Are you a caregiver or a caretaker? I was a caregiver for a while when my elderly mother became ill and eventually passed away. I had some tough decisions to make, which were emotionally and mentally draining, even though I had outside help. It was important to me to know that my mother was comfortable and in the best situation she could be, where people were there to comfort her and hold her hand when she needed it. It’s hard to be alone and I could only imagine that I would want to have someone there for me who truly cared.
There was an amazing volunteer from hospice who would come and relieve me when I was caring for my mother at the end of her life. He had been a hospice volunteer for over 26 years. He had retired and had apparently earned enough that he didn’t need to earn an income any longer. He decided that what he wanted to do was to volunteer with hospice. He spent his days – long days – going from dying person to dying person, providing words of comfort, reading to them and holding their hand. He also gave caregivers a break so they could go take care of themselves for a few hours each day. He was such an amazing man. My mom passed away on a Saturday morning after I had been doing an all-night vigil for 5 days and nights. This man had come every day to stay for a few hours so I could get a shower, run errands, and get some exercise. I knew that my mom was in good hands with him. That Saturday morning when he arrived, he told me he could only stay for about an hour because he had to see 14 patients that day: 14 patients in multiple locations! It was a Saturday and he had already worked a full week. To realize that he was ending his volunteer workweek by visiting 14 different patients at multiple locations was amazing to me. What an incredible, caring person – truly a caregiver!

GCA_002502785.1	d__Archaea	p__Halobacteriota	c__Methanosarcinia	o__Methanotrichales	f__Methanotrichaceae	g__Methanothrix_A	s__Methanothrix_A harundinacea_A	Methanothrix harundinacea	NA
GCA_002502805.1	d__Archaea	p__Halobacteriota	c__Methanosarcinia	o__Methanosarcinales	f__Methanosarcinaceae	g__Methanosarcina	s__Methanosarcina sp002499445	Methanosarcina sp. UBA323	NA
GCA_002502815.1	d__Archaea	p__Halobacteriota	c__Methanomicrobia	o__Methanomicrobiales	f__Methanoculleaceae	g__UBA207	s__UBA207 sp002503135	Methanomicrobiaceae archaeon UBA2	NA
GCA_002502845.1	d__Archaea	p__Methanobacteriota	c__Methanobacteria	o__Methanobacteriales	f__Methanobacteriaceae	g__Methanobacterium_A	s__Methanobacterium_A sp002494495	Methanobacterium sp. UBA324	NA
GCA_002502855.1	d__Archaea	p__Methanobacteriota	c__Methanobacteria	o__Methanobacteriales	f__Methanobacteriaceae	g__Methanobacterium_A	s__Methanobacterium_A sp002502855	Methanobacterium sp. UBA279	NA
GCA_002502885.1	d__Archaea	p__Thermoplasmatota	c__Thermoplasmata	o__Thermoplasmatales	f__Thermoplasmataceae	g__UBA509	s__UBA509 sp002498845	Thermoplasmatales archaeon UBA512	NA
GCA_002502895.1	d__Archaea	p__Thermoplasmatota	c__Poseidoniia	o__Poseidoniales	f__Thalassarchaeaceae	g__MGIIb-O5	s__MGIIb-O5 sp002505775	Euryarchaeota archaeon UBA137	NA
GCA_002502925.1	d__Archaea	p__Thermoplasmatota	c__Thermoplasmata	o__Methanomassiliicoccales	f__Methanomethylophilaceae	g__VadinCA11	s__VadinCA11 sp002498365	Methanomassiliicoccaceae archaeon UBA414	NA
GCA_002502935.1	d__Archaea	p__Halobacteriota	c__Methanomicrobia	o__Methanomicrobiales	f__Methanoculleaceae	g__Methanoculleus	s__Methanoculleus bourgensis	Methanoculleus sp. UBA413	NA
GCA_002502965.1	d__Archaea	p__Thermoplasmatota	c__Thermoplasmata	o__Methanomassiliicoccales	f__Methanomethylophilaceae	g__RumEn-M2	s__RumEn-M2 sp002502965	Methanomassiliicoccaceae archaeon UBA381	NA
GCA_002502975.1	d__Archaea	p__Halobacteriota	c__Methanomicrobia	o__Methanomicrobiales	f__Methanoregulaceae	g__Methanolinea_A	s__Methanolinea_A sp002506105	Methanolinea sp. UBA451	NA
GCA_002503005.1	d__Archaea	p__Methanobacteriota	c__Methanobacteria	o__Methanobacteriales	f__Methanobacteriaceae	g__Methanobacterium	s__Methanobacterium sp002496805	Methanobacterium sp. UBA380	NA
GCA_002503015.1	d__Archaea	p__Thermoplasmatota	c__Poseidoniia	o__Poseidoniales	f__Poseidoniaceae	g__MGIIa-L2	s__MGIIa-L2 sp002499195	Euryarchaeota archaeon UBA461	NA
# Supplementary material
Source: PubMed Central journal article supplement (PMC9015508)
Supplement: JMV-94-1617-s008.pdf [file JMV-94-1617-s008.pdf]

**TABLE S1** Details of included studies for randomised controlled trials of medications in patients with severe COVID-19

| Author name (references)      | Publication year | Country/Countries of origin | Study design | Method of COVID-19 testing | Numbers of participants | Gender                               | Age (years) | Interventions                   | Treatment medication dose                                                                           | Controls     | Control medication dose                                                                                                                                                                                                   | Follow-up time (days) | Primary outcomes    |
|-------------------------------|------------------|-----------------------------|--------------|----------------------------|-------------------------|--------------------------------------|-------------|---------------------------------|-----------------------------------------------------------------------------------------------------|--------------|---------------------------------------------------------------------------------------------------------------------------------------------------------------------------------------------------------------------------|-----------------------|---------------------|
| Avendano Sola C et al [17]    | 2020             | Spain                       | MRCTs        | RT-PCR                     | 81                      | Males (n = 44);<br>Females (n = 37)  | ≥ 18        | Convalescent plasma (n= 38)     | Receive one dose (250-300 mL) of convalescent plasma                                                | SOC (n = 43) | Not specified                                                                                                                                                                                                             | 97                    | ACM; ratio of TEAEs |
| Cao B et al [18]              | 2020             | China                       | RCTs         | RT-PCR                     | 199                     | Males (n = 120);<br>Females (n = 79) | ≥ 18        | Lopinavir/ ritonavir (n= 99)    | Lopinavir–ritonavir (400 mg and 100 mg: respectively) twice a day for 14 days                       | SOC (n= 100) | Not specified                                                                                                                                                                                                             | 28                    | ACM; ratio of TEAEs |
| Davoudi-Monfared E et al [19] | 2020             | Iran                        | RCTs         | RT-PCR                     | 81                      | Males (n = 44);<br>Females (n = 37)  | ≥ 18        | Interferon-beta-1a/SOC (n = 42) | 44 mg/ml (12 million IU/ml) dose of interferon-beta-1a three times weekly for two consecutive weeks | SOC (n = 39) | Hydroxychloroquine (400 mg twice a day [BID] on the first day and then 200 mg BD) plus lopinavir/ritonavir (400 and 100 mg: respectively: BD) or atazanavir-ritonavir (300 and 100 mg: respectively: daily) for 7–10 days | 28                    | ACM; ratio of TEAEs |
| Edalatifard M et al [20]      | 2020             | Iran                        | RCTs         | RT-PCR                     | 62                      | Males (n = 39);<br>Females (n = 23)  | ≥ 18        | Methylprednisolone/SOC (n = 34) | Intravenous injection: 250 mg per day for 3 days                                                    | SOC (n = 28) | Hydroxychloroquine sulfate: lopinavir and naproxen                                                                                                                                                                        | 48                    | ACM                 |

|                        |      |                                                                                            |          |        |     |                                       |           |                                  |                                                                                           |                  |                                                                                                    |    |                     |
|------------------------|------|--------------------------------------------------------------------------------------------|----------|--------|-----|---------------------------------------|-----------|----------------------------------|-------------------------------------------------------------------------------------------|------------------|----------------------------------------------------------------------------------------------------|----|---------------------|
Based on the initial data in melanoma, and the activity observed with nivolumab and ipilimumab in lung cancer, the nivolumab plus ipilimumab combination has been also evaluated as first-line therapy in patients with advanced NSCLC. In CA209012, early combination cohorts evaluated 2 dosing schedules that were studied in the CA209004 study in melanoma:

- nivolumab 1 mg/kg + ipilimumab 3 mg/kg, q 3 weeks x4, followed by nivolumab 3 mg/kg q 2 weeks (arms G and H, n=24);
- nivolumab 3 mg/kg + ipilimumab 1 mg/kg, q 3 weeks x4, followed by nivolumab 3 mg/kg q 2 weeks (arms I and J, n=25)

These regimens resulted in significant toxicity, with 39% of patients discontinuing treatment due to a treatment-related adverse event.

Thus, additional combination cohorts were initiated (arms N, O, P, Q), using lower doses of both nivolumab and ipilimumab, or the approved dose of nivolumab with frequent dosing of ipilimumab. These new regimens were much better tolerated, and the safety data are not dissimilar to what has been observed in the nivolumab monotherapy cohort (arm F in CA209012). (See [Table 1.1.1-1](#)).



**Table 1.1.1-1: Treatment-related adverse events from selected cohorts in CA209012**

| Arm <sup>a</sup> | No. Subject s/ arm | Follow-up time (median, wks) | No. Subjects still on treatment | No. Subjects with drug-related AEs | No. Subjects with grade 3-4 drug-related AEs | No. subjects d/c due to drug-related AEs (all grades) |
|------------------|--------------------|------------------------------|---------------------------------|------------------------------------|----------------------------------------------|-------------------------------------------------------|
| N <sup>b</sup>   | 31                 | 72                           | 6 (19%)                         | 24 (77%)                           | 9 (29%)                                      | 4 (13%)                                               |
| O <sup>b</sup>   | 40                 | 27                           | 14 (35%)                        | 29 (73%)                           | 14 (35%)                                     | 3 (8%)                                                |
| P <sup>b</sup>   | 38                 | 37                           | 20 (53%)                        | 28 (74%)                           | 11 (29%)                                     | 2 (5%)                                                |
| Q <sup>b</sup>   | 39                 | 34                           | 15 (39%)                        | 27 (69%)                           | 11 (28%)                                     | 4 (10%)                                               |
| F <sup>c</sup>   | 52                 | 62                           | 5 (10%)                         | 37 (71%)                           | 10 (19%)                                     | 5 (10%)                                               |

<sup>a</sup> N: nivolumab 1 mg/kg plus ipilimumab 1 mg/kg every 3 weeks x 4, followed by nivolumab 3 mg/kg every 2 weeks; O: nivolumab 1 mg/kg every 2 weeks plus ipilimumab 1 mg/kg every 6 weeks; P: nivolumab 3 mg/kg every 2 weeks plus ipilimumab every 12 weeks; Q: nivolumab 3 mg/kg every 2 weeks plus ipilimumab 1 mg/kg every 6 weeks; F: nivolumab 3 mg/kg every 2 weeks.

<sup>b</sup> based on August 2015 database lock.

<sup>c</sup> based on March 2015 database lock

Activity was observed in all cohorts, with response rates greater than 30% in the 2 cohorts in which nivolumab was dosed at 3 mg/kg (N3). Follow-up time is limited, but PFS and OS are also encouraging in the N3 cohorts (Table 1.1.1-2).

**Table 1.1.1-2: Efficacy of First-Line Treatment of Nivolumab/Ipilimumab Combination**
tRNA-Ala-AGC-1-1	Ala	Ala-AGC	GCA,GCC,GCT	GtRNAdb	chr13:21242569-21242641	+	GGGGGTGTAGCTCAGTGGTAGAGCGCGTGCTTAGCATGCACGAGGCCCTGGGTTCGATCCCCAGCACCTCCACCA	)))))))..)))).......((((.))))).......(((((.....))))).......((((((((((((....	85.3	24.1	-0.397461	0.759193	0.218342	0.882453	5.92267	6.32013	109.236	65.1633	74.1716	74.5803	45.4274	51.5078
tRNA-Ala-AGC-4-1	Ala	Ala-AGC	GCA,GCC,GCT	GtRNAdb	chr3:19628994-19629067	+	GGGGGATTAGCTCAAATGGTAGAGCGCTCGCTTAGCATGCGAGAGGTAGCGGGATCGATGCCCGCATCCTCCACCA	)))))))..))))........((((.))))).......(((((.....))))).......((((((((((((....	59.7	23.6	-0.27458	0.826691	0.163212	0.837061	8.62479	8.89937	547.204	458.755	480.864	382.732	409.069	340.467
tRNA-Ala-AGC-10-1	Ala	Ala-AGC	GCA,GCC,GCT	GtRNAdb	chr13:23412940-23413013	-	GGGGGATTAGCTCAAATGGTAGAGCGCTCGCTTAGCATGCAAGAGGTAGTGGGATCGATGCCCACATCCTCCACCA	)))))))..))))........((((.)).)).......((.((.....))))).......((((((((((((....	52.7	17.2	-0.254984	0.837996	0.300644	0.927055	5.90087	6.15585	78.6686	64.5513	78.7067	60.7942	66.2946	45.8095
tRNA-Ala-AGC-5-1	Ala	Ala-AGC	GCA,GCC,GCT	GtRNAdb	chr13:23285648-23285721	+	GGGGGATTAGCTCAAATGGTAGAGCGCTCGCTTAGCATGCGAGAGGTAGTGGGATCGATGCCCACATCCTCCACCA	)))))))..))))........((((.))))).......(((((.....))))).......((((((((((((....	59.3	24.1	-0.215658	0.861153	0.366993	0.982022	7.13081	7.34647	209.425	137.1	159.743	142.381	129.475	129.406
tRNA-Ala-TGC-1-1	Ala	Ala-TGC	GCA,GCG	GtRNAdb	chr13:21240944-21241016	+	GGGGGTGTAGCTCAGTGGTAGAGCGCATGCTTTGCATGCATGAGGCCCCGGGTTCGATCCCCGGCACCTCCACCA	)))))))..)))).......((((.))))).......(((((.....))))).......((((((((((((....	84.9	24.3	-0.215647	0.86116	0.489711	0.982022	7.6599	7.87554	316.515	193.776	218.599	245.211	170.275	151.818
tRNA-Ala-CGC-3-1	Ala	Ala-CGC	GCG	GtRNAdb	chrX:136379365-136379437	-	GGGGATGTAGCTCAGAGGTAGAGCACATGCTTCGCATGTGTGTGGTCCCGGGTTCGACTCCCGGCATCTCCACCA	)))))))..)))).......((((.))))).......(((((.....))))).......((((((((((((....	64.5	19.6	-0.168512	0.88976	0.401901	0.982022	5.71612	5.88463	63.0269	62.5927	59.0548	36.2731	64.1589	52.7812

I’ve met some leaders who seem more like caretakers. A caretaker is someone who is employed to take care of a property, a cemetery, etc. They make it look better by planting flowers, pulling weeds, and doing other things to maintain the appearance of the property. Of course, appearances can be deceiving, and the property may be in much worse shape than it looks. Caretakers are usually working with innate objects, while caregivers are usually working with human beings.
In your business, are you acting more like a caretaker or a caregiver? Are you just touching the surface, making things look nice, but never really engaging with the people around you or making a true connection? How much more of an impact could you have by really getting to know your employees and giving them your care and attention?
I’d suggest that we’d all be better off if more leaders were true caregivers like my friend at hospice – giving from our hearts.
Excellent blog Cindy. Thank you. Particularly for those of us who are caring for aging parents and grandparents.
Excellent story here that really brings true leadership to light. Leaders that are truly caregivers act selflessly and not selfishly. Caregivers put the well being of others in front of their own while caretakers simply scratch the surface.
Very nice, Cindy. Well-written, evocative – those of us with elderly parents can relate.
And your ending point is one all our members should ponder – I will be sharing this with them.